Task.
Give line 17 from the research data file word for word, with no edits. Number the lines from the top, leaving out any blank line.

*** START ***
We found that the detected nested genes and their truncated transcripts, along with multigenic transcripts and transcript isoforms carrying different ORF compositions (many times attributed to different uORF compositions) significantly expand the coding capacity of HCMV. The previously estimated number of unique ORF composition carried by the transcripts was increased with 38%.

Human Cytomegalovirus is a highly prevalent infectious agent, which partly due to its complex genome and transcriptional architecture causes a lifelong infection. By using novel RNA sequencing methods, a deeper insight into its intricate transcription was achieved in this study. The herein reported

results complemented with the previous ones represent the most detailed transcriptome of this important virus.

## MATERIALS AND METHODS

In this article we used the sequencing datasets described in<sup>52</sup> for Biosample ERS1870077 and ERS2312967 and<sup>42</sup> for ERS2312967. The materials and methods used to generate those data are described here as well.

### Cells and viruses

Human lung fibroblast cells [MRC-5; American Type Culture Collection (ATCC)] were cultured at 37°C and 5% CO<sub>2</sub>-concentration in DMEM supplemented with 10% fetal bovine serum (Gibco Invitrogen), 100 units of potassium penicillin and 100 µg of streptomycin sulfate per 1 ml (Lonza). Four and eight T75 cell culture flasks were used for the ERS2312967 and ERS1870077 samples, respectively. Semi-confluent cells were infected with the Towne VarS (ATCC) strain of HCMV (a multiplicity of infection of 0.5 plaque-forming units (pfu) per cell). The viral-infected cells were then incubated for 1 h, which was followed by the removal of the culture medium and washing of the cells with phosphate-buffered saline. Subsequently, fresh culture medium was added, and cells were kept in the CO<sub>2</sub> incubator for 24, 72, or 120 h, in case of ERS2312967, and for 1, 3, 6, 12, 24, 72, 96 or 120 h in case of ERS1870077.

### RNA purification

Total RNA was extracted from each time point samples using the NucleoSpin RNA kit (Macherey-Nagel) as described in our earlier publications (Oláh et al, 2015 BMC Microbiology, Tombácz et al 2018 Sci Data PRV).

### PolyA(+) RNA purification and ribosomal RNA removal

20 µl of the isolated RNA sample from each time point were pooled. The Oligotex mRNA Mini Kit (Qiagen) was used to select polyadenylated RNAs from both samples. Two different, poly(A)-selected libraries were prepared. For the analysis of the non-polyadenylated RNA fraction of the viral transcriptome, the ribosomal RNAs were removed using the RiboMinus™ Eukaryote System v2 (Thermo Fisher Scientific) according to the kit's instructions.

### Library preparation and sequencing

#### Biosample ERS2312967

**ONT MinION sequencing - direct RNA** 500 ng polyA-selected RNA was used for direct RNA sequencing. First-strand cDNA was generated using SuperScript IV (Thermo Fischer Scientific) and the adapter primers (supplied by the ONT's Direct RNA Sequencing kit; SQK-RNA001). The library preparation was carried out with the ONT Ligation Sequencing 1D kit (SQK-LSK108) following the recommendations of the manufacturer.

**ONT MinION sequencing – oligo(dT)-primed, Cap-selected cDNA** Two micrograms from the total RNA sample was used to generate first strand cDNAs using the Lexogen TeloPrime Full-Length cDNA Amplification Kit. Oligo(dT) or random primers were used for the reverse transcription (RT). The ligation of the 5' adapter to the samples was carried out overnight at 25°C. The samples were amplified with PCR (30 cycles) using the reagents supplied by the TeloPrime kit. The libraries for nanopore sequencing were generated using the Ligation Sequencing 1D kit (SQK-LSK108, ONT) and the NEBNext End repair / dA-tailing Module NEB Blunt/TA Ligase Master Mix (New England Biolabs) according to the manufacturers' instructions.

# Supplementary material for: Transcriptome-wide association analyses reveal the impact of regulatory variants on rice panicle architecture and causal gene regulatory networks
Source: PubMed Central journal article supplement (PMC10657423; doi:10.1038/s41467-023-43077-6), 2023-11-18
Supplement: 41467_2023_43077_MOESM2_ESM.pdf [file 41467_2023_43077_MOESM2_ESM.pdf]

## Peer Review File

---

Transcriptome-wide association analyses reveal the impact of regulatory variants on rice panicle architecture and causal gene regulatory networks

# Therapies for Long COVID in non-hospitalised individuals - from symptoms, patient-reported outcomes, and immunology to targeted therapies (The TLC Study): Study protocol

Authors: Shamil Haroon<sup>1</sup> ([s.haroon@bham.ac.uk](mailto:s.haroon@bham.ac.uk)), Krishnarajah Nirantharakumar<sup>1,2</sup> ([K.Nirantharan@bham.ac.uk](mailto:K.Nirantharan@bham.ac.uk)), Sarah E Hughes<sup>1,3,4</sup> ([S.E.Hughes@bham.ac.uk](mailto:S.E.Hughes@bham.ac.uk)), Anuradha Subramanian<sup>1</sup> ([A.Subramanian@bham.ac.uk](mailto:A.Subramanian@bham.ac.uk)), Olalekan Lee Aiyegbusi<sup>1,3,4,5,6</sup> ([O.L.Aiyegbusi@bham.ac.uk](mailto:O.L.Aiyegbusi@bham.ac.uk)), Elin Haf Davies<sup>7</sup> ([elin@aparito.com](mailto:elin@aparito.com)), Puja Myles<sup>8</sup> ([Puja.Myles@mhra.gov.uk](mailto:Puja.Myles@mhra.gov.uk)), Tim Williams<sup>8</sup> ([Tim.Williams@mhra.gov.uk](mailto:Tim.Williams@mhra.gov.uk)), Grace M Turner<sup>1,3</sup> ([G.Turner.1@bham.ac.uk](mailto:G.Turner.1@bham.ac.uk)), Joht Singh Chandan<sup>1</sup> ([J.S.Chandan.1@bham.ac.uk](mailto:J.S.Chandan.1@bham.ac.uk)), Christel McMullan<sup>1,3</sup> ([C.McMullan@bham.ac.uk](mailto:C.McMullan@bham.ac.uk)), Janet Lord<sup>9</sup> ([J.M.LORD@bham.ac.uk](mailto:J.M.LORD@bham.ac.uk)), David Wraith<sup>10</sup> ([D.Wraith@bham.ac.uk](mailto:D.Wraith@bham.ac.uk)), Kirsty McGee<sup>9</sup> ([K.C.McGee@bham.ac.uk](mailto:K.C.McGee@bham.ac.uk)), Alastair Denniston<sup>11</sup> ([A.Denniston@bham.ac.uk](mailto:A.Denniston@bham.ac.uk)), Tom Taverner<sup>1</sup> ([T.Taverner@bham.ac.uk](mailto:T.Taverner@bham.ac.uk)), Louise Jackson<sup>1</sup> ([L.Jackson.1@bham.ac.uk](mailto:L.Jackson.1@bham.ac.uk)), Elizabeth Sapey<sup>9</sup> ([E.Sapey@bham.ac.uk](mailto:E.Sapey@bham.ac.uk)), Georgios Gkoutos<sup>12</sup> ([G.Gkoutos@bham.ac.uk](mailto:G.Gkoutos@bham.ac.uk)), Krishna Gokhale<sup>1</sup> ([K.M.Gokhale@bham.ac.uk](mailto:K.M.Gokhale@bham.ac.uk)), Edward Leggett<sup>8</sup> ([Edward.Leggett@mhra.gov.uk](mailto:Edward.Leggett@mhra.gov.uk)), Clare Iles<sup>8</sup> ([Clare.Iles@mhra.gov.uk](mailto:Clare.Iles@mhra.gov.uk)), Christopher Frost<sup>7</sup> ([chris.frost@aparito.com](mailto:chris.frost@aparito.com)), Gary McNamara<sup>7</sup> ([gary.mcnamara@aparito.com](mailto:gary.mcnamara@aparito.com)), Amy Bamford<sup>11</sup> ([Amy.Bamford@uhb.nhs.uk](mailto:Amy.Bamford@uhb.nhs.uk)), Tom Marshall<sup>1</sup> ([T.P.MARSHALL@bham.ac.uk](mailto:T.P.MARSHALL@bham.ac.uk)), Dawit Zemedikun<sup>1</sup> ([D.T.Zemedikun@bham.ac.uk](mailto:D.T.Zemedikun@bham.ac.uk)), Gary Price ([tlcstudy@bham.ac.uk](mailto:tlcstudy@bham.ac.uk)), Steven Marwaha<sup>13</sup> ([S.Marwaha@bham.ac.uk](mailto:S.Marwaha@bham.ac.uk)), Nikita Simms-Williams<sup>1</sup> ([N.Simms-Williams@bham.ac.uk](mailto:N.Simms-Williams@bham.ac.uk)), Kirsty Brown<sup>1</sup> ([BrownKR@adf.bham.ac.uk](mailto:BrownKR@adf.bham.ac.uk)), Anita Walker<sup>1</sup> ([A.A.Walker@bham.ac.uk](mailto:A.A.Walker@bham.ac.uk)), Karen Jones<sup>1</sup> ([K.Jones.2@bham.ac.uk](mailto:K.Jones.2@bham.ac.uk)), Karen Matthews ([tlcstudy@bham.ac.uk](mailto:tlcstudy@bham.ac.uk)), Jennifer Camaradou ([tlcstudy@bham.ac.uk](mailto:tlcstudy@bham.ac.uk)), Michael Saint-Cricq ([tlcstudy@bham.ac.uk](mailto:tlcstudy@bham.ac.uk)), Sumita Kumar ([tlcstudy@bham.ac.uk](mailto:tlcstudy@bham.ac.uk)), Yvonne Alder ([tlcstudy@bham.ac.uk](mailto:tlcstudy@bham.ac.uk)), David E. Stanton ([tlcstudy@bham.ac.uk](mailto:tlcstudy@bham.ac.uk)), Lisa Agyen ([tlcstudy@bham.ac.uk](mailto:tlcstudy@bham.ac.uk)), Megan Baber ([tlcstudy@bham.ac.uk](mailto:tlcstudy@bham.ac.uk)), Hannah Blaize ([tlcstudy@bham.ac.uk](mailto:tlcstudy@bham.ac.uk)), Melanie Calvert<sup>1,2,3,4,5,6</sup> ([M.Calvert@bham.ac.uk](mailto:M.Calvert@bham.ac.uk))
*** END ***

Source: PubMed Central journal article supplement (PMC10657423; doi:10.1038/s41467-023-43077-6), 2023-11-18